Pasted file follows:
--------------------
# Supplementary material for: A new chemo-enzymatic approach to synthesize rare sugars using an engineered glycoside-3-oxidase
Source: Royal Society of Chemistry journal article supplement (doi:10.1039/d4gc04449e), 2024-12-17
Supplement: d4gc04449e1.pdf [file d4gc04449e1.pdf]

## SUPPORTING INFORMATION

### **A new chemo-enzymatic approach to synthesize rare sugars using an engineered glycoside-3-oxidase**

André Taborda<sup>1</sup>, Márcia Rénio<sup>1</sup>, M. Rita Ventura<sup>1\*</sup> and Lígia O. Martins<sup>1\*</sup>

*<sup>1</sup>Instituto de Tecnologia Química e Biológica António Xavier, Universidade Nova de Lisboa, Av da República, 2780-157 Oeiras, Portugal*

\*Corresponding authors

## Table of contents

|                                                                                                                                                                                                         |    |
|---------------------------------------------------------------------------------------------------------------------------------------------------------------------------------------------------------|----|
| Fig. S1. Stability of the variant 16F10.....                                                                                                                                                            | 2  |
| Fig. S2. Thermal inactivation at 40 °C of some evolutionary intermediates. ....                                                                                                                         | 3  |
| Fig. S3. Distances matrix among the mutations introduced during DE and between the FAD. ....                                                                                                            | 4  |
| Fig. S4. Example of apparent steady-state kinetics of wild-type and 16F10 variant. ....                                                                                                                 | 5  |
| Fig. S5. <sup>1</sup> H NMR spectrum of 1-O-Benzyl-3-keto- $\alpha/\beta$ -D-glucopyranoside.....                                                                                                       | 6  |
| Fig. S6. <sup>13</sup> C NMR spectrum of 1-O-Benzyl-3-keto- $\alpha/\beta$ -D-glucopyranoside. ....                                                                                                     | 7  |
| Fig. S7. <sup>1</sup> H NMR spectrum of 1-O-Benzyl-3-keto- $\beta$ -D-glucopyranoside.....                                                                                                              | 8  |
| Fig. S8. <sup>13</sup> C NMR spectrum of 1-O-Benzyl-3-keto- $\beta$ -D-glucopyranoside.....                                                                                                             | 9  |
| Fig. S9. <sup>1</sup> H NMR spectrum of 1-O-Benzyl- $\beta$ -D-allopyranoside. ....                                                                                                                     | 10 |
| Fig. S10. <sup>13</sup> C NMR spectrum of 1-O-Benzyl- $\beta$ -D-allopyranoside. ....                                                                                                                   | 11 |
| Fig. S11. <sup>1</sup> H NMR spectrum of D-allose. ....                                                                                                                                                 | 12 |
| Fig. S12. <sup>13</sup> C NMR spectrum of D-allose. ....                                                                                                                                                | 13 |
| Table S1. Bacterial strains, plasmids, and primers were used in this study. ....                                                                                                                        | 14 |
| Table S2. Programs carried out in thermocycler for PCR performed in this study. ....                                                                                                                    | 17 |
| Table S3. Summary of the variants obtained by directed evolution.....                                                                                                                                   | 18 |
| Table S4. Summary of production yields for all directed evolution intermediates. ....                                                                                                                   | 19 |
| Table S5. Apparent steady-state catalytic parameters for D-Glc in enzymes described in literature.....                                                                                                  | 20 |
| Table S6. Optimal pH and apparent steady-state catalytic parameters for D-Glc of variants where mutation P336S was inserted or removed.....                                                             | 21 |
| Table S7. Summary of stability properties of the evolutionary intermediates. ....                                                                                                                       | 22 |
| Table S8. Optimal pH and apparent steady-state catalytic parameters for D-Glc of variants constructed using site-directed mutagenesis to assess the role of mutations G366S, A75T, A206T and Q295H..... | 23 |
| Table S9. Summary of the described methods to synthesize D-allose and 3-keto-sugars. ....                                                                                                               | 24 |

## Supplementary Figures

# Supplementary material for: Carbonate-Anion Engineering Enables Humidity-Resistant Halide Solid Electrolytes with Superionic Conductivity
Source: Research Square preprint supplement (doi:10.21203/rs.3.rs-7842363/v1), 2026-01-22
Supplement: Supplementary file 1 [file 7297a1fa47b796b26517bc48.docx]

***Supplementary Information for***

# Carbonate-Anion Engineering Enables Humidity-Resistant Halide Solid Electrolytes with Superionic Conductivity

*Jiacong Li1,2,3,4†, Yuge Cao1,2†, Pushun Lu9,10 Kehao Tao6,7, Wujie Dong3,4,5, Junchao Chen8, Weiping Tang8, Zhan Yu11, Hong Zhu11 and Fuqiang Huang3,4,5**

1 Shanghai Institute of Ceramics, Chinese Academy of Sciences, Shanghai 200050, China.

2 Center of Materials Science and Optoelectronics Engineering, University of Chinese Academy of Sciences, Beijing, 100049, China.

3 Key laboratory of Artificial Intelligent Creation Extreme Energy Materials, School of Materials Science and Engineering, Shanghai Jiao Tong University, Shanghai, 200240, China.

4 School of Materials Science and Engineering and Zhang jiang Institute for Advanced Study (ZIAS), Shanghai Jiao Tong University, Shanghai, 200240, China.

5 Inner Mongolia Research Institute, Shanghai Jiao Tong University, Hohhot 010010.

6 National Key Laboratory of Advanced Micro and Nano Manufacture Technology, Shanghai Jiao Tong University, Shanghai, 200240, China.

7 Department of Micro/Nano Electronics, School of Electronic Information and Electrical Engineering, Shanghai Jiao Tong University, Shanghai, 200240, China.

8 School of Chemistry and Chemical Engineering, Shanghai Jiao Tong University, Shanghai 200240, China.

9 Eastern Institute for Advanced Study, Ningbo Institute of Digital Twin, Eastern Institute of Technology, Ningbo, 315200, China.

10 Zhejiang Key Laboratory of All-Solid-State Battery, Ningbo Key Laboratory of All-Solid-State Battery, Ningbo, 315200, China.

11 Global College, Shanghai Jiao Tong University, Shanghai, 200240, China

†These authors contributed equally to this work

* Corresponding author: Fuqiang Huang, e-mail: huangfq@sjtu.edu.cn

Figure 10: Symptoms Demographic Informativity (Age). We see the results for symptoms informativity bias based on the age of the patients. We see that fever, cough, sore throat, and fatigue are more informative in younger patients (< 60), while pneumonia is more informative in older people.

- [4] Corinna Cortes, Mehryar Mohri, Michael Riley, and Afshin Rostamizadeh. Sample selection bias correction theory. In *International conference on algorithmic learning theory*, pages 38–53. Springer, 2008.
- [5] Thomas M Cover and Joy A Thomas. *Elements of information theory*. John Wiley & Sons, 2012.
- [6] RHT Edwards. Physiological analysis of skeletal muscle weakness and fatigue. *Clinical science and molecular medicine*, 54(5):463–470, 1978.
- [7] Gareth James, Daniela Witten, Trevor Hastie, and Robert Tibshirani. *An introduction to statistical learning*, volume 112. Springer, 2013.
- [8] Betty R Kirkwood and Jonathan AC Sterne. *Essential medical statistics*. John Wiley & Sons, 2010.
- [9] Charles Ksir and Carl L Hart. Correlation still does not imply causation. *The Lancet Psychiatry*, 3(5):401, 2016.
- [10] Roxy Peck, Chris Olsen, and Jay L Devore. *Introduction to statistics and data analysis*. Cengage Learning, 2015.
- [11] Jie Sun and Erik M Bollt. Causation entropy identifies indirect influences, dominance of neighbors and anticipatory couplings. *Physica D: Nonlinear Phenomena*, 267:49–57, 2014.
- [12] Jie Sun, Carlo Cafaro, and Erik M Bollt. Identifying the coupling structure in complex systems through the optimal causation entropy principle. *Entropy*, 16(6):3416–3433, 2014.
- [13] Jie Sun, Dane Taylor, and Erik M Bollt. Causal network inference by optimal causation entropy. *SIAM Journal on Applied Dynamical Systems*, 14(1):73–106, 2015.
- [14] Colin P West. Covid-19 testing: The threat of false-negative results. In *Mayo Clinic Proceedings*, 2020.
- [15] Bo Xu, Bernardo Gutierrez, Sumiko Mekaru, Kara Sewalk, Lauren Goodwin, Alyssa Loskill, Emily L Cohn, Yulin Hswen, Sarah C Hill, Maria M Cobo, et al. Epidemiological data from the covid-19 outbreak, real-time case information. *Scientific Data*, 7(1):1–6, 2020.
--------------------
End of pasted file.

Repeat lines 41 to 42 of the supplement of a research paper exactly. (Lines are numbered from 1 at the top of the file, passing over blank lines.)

2 Center of Materials Science and Optoelectronics Engineering, University of Chinese Academy of Sciences, Beijing, 100049, China.

3 Key laboratory of Artificial Intelligent Creation Extreme Energy Materials, School of Materials Science and Engineering, Shanghai Jiao Tong University, Shanghai, 200240, China.